Optics Buying Guide

Whether you are looking for a pair of binoculars or a scope, let our handy guide help you choose the perfect optic for your needs. A lot of your buying choices may come down to personal choice, such as how it feels in your hand or what purpose you have in mind, but here is an overview to help you.


Binoculars are usually hand held devices made up of two small telescopes which allow you to view distant objects. These produce an image with a greater impression of depth, i.e. a three dimensional image, made up from two images – one from each telescope.


Spotting scopes are a single telescope which really require a tripod due to their size. They are referred to as spotting scopes or field scopes to differentiate them from an astronomical telescope. Spotting scopes tend to have much larger magnifications than binoculars and much larger objective lenses.



Binoculars and scopes all follow a very similar and simple numbering/naming system. i.e. RSPB 8 x 25 Rambler binoculars have a magnification of 8 and an objective lens diameter of 25mm.

Scopes are very similar, but some have variable/zoom magnifications, or allow you to choose an eyepiece with your chosen magnification. For example, the Hawke Endurance 16-48×68 Spotting Scope has a variable magnification of between 16x and 48x, and an objective lens 68mm wide.


Objective lens

This is the lens/lenses that you see on the front of the binocular or scope. The larger this lens, the more light can be gathered and the brighter the resulting image. The higher the magnification, the more light is required, which is why scopes use much larger lenses.



How much bigger the object will appear to you when looking through the binocular/scope. Large magnifications require lots of light to achieve a clear image. The higher the magnification, the more difficult it becomes to stabilise the image. This is because any shake or movement is also magnified by that amount.



Brightness refers to how much light can be gathered. For the clearest, most colourful image, both necessary when trying to identify wildlife, you want as higher a brightness as possible. You can roughly assess brightness by dividing the diameter of the objective diameter by the magnification. More expensive binoculars/scopes use precision lenses and special lens coatings to ensure more light passes through the lens and therefore increases brightness. When looking at model specifications, the higher the brightness number, the brighter the image will appear.


Field of View



This is the “width” you will see when looking through the optic. When tracking an object, such as a bird, a wide field of view will make following a moving object much easier. Field of view is measured in degrees, and is calculated as the width in metres or feet that you will see 1000 yards/metres away i.e. Hawke Endurance 8×42 binoculars have a field of view of 388ft / 129m, whereas Hawke Endurance 10x 42 have a field of view of 304ft / 101m.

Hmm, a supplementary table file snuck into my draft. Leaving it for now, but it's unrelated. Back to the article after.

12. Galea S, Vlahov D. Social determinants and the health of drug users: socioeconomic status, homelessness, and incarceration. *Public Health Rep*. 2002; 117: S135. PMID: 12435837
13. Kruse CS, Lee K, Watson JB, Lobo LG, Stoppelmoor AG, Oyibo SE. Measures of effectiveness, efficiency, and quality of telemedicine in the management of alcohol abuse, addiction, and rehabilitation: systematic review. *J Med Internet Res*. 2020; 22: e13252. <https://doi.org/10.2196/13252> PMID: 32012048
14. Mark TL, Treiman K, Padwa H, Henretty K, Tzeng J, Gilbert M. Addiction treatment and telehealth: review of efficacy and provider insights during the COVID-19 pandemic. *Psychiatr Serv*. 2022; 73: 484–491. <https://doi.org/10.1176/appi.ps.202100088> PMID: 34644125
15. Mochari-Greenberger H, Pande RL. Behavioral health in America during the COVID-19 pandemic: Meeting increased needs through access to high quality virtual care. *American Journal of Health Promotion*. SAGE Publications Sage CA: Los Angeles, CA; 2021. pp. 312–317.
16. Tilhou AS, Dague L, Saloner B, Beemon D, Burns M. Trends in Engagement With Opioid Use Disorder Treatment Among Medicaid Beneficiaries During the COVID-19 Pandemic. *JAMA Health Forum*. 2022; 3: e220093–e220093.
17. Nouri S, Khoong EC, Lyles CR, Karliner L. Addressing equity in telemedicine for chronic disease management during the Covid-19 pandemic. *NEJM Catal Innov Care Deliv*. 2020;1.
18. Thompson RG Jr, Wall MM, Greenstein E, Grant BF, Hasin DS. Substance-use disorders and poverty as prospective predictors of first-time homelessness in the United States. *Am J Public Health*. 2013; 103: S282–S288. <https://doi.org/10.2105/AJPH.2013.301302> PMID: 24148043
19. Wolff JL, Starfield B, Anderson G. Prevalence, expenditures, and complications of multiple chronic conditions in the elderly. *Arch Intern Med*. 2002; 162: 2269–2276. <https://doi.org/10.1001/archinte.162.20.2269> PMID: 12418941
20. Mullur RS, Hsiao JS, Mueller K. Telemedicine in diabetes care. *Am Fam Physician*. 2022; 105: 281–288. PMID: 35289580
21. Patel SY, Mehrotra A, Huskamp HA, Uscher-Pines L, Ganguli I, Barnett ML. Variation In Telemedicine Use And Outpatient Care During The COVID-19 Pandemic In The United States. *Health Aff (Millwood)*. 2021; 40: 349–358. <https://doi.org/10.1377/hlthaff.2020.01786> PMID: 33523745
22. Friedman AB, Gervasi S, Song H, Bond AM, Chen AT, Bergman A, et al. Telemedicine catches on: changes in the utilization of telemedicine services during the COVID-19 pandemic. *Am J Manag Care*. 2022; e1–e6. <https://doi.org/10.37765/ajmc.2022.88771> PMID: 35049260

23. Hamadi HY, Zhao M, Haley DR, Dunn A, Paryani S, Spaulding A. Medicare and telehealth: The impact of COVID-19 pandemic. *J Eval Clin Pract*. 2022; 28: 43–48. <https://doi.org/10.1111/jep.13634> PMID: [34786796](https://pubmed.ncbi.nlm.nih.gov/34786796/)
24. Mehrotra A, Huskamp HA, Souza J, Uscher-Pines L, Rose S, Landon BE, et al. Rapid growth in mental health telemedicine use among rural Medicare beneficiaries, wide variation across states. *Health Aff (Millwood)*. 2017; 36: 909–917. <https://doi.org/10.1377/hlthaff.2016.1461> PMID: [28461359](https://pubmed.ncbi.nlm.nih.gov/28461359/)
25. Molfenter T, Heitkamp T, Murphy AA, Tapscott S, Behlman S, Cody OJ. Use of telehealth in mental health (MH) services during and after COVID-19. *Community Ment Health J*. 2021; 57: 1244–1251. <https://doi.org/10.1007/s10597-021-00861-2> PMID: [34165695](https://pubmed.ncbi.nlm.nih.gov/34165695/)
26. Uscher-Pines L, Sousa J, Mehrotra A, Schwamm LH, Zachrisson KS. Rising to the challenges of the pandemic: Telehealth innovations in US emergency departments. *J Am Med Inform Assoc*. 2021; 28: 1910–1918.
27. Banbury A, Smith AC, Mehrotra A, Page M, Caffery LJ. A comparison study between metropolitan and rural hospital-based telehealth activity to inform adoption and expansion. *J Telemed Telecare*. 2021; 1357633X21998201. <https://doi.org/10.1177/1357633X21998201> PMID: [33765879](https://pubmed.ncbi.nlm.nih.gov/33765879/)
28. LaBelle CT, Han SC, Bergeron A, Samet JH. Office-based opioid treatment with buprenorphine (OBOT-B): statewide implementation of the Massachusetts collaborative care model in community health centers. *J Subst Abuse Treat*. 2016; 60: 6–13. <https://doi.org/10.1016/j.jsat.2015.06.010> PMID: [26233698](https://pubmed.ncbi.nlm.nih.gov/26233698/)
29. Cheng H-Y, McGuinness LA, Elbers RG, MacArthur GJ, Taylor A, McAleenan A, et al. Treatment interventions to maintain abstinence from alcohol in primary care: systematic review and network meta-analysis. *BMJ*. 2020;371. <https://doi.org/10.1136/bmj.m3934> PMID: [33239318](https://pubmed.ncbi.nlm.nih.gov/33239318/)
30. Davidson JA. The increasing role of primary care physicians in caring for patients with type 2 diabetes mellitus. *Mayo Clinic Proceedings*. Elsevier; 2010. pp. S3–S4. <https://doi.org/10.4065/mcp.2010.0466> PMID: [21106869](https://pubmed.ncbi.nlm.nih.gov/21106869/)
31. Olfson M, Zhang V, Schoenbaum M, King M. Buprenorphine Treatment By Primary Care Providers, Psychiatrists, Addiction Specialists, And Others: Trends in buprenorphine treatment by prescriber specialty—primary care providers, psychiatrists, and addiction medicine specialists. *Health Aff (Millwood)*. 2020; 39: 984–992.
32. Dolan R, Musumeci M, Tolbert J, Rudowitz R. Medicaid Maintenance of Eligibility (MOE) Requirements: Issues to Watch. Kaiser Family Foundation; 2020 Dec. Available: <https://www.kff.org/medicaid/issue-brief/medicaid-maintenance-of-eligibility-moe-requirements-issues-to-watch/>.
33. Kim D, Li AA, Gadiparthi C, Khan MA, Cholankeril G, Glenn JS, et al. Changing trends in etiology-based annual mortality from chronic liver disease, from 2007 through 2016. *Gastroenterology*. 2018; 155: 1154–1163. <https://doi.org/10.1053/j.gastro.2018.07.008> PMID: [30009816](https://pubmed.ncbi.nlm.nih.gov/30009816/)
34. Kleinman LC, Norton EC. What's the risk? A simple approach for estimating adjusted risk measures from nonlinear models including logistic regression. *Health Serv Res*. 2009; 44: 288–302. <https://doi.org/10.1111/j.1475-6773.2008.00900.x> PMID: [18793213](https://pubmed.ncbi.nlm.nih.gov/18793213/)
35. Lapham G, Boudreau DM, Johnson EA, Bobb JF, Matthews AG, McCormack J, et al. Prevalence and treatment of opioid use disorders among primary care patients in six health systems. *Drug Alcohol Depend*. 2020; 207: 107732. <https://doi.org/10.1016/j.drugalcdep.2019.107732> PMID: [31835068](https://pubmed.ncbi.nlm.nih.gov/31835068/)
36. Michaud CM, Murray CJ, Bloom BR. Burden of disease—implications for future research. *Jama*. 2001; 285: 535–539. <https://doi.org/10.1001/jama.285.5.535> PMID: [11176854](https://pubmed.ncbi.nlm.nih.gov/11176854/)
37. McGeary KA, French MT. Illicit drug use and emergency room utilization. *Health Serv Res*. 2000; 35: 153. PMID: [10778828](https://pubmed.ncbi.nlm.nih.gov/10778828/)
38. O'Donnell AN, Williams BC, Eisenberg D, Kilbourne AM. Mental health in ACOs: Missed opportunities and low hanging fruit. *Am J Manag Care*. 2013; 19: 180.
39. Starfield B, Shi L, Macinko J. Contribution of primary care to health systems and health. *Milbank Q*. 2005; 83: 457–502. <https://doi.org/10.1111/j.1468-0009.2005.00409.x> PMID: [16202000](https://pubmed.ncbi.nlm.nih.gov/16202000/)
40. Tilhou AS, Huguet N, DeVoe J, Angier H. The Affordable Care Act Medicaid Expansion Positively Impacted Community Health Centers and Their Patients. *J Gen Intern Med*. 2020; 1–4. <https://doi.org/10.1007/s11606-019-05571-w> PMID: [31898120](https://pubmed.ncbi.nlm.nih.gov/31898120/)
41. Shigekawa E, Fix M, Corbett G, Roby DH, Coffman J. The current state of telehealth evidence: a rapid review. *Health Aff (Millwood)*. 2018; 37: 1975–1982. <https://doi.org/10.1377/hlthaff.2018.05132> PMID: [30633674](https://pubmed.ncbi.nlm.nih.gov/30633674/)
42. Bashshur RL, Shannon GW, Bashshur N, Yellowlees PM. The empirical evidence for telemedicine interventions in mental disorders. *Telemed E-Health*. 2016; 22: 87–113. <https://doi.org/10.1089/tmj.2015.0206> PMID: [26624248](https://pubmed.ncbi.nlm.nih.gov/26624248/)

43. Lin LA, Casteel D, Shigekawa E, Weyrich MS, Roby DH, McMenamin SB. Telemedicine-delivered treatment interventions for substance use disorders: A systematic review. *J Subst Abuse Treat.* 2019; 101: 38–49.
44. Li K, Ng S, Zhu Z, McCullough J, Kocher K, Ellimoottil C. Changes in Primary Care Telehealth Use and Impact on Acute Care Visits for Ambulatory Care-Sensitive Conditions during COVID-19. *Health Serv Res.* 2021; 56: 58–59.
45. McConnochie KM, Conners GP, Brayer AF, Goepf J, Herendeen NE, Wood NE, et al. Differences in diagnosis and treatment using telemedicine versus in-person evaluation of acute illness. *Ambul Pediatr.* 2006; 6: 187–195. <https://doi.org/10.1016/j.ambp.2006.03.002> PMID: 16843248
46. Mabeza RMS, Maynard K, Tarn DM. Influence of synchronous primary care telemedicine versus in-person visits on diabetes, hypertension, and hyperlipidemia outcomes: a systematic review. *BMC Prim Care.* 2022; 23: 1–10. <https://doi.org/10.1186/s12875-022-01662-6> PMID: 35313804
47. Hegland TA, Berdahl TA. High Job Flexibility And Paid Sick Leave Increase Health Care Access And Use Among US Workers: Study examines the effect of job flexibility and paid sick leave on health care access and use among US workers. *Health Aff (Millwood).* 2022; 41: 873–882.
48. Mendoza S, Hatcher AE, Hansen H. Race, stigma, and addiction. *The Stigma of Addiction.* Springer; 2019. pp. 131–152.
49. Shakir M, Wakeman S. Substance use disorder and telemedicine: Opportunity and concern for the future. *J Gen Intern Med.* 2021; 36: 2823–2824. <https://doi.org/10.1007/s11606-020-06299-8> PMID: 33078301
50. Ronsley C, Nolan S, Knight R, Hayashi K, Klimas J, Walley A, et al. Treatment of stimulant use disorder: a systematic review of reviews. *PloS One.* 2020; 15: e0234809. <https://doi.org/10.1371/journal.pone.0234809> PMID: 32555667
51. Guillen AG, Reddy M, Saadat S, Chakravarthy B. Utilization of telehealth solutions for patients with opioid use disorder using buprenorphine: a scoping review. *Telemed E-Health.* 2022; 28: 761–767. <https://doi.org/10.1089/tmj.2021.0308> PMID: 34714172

Close Focus

If you also want to look at plants, dragonflies or other subjects which are nearer to you, you need to look for a model with a close focus of about 3m or less. Generally, 8x binoculars offer closer focus than 10x.


Lenses and lens coatings

The lenses and coatings used within the binoculars/scopes are key to the quality of the final image as every time the light passes through a lens, or is reflected off an internal prism, there is the chance of degradation. Manufacturers use a series of coatings and extremely precise optical lenses to preserve as much light as possible, resulting in a sharp and accurate image. Models with ED (Extra-low Dispersion) lenses, use special glass in the lens elements to improve colour accuracy.


Eye Pieces and Eye-Cups

If you wear glasses, you can usually keep these on whilst using optics of any kind, but in order to get the most from your binocular/scope, you will need to choose a design with twist-down eyecups. This is so you can wear your glasses and still achieve the same “eye relief” as non-glasses-wearers. This is simply the distance between the eyepiece lens and your eye. Too much eye relief (distance) will result in vignetting (darkening of the edge of the image) and a potentially distorted view.


Many binoculars have a dioptre adjustment. This is to compensate for any differences between your eyes and calibrating your binocular to your eyesight will result in more accurate focussing and a better image.

Many high end scopes are sold as a separate body and interchangeable eye piece. This allows you to tailor the scope to your needs, whether the magnification, brightness, size or weight is a key factor.




Digiscoping is using a digital camera (whether a compact, SLR/CSC or even smart phone) to take a picture through a scope. In the case of DSLR’s or CSC’s, the scope becomes your camera lens using a special “T Adaptor” designed to work with your brand of camera and scope.



Generally speaking with optics, the higher the price, the more features, such waterproofing, fog proofing, ED glass, better lens coatings, more complex lens elements, higher quality body materials, precision engineering, etc.

However, there is a binocular or scope for every budget and type of activity you have in mind. We really recommend trying and comparing some models in-store to see which will suit your needs the best. Our friendly, knowledgeable staff will help you find the perfect fit.

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